I did standup comedy twice this past week in New York City, at Stand Up NY and West Side Comedy Club.
The first set I didn’t feel landed with the audience. I got one laugh and one “Woo!” As I drove home feeling dejected, I ate three vegan double chocolate chip cookies to soothe myself.
At my second set, with all new material, I got the multiple laughs I was looking for. As I drove home feeling elated, I ate three vegan double chocolate chip cookies to celebrate.
I get the impression that the rest of the world is preoccupied with the thought, “When’s the soonest I can get laid?”
For me, it’s, “When’s the soonest I can get my hands on some cookies?”
Other people are using apps to locate the closest available sexual partner.
Meanwhile, I’m Googling, “Cookies near me.”
This massive difference in interests is apparent when I hear other comics taking the stage to talk about raunchy sex, drinking, doing cocaine. Adult topics. I’m like, “I’m not old enough to hear this! Where my nerds at?” I need to find my target audience so that I can share the kinds of dorky thoughts I have, such as:
Why does Dr. Jekyll lose his doctorate when he becomes his alter ego Mr. Hyde? It’s like those seven years of medical school never happened. Your alter ego should be better than what you actually are, not worse. How sad is this guy that he transitions and is like, “I have no credentials.”
When I was a kid, my mom accidentally sat on my hamster. I worried that he would get amnesia after having his head compressed. When I put him back in his cage, he got right up on his wheel, and I felt so relieved. “Thank God – my little guy is fine! He’s back to his regular routine!” What I didn’t know was that in his tiny hamster mind he was thinking, “Where does this road go? I don’t even know where I’m off to in such a hurry!”
Likewise, I don’t know where I’m going with this new standup obsession. It’s something I’d always wanted to try. I’ll settle for it being my latest hobby. I’m under no illusion that this will become a career. So far it has cost me to get onstage (a two-drink minimum per person for a non-drinker means I’m having an $18 cup of Coke).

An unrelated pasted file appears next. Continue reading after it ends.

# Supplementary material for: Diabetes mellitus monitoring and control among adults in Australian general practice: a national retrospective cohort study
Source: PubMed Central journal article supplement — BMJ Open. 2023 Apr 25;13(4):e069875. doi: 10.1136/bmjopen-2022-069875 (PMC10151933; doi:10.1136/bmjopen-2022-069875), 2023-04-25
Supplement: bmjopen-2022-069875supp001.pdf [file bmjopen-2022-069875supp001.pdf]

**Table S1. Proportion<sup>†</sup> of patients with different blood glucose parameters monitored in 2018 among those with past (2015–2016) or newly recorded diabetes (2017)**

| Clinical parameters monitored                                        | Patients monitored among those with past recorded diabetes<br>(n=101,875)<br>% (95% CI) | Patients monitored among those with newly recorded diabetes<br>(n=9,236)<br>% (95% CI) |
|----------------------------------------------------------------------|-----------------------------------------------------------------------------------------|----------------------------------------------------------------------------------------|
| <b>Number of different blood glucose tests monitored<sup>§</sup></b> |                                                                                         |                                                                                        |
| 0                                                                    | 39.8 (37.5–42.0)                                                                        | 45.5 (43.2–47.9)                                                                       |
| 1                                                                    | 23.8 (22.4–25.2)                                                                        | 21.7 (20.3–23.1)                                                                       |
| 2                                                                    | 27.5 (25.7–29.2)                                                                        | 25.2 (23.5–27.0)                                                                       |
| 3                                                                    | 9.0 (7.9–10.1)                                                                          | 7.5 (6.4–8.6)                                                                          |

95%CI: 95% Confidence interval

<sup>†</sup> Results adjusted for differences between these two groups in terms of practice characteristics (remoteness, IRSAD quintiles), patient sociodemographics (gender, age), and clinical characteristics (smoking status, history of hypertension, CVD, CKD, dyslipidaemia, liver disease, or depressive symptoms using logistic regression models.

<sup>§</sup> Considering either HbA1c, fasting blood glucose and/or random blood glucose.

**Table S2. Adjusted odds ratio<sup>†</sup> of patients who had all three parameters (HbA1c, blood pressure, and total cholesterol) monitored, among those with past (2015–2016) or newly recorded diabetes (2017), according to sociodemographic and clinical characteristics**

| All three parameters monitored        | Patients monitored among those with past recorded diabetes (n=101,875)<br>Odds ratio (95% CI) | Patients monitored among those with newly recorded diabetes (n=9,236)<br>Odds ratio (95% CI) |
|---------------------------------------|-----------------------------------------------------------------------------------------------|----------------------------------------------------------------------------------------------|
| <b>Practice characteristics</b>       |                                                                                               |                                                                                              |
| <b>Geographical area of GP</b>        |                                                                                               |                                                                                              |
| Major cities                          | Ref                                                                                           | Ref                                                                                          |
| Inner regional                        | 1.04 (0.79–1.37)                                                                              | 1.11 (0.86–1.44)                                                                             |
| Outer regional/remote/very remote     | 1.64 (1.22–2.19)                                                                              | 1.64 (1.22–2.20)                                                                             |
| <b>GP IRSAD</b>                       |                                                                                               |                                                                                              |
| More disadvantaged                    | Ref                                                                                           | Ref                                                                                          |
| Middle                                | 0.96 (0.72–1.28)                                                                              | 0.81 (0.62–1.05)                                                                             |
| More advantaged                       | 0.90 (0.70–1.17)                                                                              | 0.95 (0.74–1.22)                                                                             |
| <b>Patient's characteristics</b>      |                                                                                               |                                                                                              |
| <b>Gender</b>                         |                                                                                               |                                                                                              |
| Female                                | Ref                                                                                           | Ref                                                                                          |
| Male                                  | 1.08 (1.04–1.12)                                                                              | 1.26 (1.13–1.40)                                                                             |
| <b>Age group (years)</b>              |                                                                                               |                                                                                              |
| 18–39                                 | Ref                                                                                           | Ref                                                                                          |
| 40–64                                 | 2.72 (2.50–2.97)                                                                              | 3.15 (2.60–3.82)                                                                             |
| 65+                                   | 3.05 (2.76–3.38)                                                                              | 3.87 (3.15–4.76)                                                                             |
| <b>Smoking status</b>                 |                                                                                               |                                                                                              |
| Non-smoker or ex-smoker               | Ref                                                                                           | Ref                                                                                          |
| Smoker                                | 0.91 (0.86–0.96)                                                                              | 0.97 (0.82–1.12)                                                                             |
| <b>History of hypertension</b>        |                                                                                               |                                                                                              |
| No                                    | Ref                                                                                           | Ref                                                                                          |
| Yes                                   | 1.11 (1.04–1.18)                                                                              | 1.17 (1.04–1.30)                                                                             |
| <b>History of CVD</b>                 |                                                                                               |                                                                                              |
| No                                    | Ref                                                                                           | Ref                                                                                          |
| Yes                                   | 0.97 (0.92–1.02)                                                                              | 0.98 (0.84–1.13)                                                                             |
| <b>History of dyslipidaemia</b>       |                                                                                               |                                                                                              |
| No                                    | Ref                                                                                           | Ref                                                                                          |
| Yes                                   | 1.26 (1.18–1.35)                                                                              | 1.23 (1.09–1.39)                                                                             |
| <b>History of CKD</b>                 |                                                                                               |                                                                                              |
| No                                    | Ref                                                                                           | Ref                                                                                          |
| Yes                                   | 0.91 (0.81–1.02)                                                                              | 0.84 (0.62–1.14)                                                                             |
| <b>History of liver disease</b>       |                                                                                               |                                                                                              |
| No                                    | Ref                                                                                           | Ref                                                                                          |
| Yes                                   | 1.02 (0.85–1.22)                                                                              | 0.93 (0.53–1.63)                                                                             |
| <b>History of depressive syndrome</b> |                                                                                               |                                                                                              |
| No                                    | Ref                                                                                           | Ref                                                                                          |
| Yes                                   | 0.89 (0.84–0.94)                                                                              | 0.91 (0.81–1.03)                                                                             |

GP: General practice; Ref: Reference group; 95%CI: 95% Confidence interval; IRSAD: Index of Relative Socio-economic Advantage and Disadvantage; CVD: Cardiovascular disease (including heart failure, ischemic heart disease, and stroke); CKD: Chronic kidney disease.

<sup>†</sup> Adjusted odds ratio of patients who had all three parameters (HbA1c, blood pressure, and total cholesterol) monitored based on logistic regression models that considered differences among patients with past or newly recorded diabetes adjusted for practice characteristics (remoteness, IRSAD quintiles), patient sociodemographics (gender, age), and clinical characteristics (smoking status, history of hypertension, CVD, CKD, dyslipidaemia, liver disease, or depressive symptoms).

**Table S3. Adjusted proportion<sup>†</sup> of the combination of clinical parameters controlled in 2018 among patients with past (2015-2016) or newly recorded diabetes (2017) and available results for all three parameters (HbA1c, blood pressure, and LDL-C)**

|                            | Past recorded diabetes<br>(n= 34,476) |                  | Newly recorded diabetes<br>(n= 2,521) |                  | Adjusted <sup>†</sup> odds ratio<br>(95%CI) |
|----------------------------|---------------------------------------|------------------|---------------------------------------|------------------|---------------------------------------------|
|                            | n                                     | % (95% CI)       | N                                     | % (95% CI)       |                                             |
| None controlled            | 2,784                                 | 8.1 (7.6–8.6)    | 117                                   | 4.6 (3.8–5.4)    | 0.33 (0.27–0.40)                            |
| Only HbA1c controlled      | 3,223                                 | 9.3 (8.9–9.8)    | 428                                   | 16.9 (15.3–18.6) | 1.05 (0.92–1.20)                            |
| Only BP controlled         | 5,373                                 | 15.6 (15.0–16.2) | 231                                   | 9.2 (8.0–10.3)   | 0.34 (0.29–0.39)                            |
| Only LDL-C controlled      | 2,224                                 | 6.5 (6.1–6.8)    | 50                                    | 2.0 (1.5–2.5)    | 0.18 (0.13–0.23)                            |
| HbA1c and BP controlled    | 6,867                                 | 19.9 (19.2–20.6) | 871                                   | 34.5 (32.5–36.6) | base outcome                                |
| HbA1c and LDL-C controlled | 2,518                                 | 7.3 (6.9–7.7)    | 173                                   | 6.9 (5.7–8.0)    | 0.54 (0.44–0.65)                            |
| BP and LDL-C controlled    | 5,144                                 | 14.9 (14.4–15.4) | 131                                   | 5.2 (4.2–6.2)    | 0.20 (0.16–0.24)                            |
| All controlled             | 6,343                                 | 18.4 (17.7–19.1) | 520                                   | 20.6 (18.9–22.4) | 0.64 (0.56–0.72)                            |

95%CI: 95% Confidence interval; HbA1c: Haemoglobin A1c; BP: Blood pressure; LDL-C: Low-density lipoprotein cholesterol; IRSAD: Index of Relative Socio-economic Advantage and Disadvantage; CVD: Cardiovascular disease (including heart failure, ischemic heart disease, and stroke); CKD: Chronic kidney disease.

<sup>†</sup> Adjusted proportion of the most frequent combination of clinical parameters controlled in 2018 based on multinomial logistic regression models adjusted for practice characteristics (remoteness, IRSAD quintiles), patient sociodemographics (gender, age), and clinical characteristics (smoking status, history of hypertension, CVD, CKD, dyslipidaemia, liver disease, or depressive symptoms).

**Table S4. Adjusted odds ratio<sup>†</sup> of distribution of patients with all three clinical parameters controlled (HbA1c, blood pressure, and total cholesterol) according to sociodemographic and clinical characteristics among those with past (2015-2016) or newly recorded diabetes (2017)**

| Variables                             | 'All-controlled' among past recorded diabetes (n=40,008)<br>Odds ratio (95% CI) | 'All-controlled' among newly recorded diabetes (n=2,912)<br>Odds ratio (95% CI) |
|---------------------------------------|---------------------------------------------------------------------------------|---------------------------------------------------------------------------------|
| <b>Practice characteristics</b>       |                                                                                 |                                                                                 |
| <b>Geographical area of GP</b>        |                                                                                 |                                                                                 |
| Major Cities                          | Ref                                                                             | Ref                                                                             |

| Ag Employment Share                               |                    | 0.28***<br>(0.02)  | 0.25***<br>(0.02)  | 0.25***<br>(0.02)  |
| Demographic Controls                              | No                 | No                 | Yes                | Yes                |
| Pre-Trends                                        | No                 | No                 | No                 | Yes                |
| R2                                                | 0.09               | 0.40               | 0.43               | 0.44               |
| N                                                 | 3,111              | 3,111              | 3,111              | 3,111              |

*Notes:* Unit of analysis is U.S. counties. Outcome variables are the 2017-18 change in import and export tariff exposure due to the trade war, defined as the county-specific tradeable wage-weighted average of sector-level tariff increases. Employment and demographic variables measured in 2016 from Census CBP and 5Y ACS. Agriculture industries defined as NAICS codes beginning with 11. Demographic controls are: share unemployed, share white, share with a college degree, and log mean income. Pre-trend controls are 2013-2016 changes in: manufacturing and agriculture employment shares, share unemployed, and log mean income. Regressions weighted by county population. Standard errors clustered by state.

Here’s my imagined interview for this job:
Interviewer: “So, why do you want to be a comedian?”
Me: “The hours really appeal to me. Getting to sleep all day, just working from like 9:00 to 10:00 PM. I’m already a night owl so it just makes sense, you know?”
Interviewer: “What about your material? Shouldn’t you be working on that during the day?”
Me: “Oh…that’ll just come to me. Yeah! That’ll just come to me.”
Interviewer: “What do you enjoy doing the least in a job?”
Me: “That’d be public speaking, for sure. Getting up on stage in front of a bunch of strangers and giving a presentation?” (Shudder).
Seriously, I have terrible stage fright. Once, Jerry Seinfeld said that fear of public speaking ranks higher than that of death for some people. I was like, “Sounds right to me!”
There’s only one person up there to judge me. Meanwhile, there’s fifty down here!
I wish I could impart some wisdom as to how I overcame this fear. Or explain why on earth I decided to do something in the first place that is the hardest type of public speaking there is. All I know is, I can’t deny the urge to do standup. I just forced myself to get on up there and let the overly bright stage lights blind me into pretending there was nobody out there. If I hear a laugh, great! But if I don’t, it’s just because I’m talking to an empty room.